Fun? Or a Future?
“There was a rich man who was clothed in purple and fine linen and who feasted sumptuously every day. And at his gate was laid a poor man named Lazarus, covered with sores, who desired to be fed with what fell from the rich man’s table. Moreover, even the dogs came and licked his sores. The poor man died and was carried by the angels to Abraham’s side. The rich man also died and was buried, and in Hades, being in torment, he lifted up his eyes and saw Abraham far off and Lazarus at his side. And he called out, ‘Father Abraham, have mercy on me, and send Lazarus to dip the end of his finger in water and cool my tongue, for I am in anguish in this flame.’ But Abraham said, ‘Child, remember that you in your lifetime received your good things, and Lazarus in like manner bad things; but now he is comforted here, and you are in anguish. And besides all this, between us and you a great chasm has been fixed, in order that those who would pass from here to you may not be able, and none may cross from there to us.’ And he said, ‘Then I beg you, father, to send him to my father’s house— for I have five brothers—so that he may warn them, lest they also come into this place of torment.’ But Abraham said, ‘They have Moses and the Prophets; let them hear them.’ And he said, ‘No, father Abraham, but if someone goes to them from the dead, they will repent.’ He said to him, ‘If they do not hear Moses and the Prophets, neither will they be convinced if someone should rise from the dead.’” 
The focus of existence for our contemporaries—even for fellow Christians we consider to be “mature”—appears to be “self”—self-gratification, self-interests, self-preservation. Undoubtedly, there are notable exceptions in the ken of many, but for most fellow Canadians, if the conduct of daily life is any indication, it is apparent that the summum bonum of life may be defined by what is fun—and fun is defined as that which is amusing, entertaining or personally enjoyable. In short, the focus for most folk is “self.”
Few people seem capable of taking stock of their lifestyles, or of reflecting on the fact that their focus has become utterly self-centred. Fewer still seem cognizant that a major transition has occurred in society. Not that many years past, western society emphasised serving others rather than serving only—or even primarily—one’s own interest. We esteemed the individual who made sacrifice for the benefit of the nation or for the benefit of mankind. However, today such attitudes now appear passé at best, and perhaps even absurd or bizarre.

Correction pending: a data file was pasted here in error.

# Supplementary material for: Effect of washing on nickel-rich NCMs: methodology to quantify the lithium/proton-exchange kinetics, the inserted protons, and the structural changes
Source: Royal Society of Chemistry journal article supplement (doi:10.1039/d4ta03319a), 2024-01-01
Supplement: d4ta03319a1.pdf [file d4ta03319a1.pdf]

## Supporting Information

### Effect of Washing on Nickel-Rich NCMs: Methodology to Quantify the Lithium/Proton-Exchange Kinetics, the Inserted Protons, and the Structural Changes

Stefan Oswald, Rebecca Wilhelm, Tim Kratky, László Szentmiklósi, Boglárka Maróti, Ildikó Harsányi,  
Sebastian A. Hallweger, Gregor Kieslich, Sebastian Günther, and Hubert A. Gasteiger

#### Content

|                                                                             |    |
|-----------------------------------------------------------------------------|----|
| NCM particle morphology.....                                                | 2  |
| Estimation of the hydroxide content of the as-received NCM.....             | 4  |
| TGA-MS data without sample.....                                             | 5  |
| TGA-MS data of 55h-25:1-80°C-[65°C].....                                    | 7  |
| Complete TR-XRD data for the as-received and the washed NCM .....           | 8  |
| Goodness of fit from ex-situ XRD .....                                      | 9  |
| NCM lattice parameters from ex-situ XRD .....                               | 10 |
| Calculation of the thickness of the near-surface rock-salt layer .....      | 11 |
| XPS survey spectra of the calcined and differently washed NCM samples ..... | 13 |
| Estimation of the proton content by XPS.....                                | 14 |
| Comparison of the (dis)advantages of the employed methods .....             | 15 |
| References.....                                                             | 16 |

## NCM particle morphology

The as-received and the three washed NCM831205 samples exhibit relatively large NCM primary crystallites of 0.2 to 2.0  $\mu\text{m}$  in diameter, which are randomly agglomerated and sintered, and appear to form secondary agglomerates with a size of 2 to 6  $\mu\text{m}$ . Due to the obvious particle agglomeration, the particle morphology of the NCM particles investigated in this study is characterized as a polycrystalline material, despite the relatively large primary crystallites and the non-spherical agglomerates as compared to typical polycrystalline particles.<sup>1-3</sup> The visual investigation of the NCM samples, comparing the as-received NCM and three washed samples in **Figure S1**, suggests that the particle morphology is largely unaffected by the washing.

Christians are more likely to adopt as role models the denizens of this dying world than they are to choose to emulate the lives of quiet saints that endeavour to follow the Master. Singers(?) such a Chris Brown, who uses crude and salacious rhyming to entertain, or Enrique Iglesias who croons the crudest terms imaginable as a love(?) song, are the heroes—even serving as heroes for many older people.
THE SUMMUM BONUM OF LIFE — How does one determine what is good? How does one determine if he is blessed? Let’s be honest, conceding that most of us think of ourselves as blessed and enjoying divine favour when things are going well and we face no specific difficulties. In short, we define blessing by our personal situation and the absence of conflict.
By this criterion, we are blessed because we live in Canada. The assessment is true. However, when one faces illness or financial reversal or problems in personal relationships, the temptation is for us to question God, doubting that we are blessed. At the outset of our study, it is vital that we establish a truth that is often neglected. In the midst of illness, we may still be blessed if we have a vital and vibrant relationship with God. In time of financial reversal, when our outgo exceeds our income, we may still be richly blessed if we have a relationship with the True and Living God. Similarly, even should we be deserted by all our earthly friends, if we know God—or rather, if we are known by God—we are blessed.
The Psalmist wrote a perspective that is not often heard in our day when he penned,
“It was good for me to suffer,
so that I might learn your statutes.”